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Malware goes to the movies

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While video files, as entertainment, evoke less suspicion on the part of users, they also have a number of disadvantages.

In the world of data, video files are the lumbering cruise liners, the Titanics. For standard TV quality video, a 30-second clip may only require downloading 2Mb to 3Mb, but a 23 minute TV episode weighs in at a third of a gigabyte, and a full-length movie can easily top a gigabyte. A video of any appreciable length contains enough bits to slow down a home internet connection to a crawl, though more highly compressed video takes up less bandwidth.

The sheer size of such files make them a less appealing target, said OffensiveComputing's Smith.

"I think users are a bit more likely to open a video file but they are also a little harder to transport around because of their size," he said. "Often malware authors want something small."

The cross-platform nature of video files also makes them less appealing, Smith said. An attacker would either have to target an exploit for a single platform or attempt to encode the file in such a way as to work on different systems. In the 40,000 samples of malware that OffensiveComputing has in its database, none use video as an infection vector, he said.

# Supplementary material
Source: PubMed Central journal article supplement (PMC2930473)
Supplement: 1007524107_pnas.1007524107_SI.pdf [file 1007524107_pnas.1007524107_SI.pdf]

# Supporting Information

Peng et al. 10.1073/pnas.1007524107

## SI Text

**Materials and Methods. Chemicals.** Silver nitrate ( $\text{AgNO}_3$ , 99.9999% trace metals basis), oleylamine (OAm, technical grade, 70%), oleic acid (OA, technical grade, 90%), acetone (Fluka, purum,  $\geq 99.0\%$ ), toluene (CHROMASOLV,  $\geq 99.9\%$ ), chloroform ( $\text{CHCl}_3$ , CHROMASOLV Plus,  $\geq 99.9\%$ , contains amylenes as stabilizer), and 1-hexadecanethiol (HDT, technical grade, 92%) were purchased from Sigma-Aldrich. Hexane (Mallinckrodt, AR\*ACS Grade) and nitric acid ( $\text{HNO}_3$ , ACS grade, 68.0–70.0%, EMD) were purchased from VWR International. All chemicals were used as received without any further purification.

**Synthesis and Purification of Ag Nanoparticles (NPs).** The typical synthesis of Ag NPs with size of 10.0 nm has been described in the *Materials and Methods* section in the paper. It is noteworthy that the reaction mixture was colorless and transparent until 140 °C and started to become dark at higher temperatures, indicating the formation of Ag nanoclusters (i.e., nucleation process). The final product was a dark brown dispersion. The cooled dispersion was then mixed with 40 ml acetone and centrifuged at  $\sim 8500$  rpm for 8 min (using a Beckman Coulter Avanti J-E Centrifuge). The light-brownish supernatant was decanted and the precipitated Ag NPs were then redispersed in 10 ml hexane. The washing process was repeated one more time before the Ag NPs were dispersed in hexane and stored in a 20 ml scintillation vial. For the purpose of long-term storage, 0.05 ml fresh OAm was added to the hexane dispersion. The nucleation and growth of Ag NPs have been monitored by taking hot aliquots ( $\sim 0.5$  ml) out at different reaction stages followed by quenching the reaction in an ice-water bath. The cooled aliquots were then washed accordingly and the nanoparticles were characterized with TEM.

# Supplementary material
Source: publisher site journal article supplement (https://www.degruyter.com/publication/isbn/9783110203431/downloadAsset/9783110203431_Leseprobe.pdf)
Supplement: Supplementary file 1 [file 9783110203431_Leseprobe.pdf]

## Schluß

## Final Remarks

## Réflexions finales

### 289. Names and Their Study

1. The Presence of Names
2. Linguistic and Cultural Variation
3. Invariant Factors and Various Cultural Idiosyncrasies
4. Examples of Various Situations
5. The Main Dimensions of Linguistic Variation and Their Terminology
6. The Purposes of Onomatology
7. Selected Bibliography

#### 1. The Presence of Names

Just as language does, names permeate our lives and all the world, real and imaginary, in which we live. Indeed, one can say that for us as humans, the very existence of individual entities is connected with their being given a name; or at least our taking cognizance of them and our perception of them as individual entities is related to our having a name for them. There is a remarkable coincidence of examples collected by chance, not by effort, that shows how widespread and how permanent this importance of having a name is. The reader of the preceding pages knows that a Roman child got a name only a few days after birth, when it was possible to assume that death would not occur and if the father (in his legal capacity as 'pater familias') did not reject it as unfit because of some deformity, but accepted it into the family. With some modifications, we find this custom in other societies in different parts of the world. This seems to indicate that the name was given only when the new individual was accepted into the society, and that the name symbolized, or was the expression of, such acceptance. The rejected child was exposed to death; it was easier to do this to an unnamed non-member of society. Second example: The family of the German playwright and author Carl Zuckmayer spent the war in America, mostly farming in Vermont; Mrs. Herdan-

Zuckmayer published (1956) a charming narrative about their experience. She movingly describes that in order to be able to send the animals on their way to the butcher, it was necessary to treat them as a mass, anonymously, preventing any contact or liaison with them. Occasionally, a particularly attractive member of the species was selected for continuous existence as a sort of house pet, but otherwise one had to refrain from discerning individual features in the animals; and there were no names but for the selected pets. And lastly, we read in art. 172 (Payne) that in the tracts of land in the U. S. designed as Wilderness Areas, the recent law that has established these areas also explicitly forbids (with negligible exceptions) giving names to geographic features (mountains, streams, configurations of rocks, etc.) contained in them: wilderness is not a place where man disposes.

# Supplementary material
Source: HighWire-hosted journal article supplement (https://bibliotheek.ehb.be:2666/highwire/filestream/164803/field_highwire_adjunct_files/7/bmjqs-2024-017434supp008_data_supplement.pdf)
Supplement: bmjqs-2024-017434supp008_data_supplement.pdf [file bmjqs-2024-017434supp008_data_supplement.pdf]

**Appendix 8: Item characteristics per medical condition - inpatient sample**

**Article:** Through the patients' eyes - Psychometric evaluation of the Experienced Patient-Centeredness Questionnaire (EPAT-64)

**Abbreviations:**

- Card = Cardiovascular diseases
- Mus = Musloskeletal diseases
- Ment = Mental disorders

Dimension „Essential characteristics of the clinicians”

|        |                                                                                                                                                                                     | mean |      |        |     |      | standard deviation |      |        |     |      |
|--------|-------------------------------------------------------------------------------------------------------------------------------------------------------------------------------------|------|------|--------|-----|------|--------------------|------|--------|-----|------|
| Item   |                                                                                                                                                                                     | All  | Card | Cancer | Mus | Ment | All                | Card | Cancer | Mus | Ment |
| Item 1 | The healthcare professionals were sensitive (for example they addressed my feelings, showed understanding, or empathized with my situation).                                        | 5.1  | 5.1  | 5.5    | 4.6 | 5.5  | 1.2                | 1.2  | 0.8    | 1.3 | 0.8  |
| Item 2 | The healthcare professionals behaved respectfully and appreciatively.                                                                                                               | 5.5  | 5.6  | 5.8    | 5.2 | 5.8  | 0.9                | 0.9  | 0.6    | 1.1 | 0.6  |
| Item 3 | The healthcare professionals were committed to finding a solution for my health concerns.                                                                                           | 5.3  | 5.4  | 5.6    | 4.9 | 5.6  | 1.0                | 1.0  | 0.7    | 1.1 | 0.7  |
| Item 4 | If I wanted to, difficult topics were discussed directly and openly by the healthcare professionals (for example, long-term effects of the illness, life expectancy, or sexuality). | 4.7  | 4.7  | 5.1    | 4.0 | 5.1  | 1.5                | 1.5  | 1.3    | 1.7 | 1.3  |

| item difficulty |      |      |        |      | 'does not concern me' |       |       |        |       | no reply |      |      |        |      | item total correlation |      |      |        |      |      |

Not only is video harder for an attacker to use, the files are easier for a defender to secure, said Adrian Ludwig, senior manager for secure software engineering at Adobe.

"The threat models for video are far more well understood," Ludwig said. "It is either a good piece of video or it's not."

Run-of-the-mill Flash content, which contains scripting and is event driven, can be far more complex, Ludwig said. Flash-creator Macromedia - and then Adobe, which bought the company in April 2005 - has increasingly focused on the security of the multimedia technology as its popularity grew.

"We have been responding to the issues for many years now, and I think we put out releases as fast as anyone else," Ludwig said.

In the end, while virus writers are currently experimenting with video files, other media files will likely become more popular, said McAfee's Schmugar.

"As more users adopt any technology, that's where there attacker will go," McAfee's Schmugar said. "It is a little early to say it is the beginning of a trend, but it's safe to say that we expect to see continued attention on media files as a vector."

This article originally appeared in Security Focus.

Copyright © 2006, SecurityFocus

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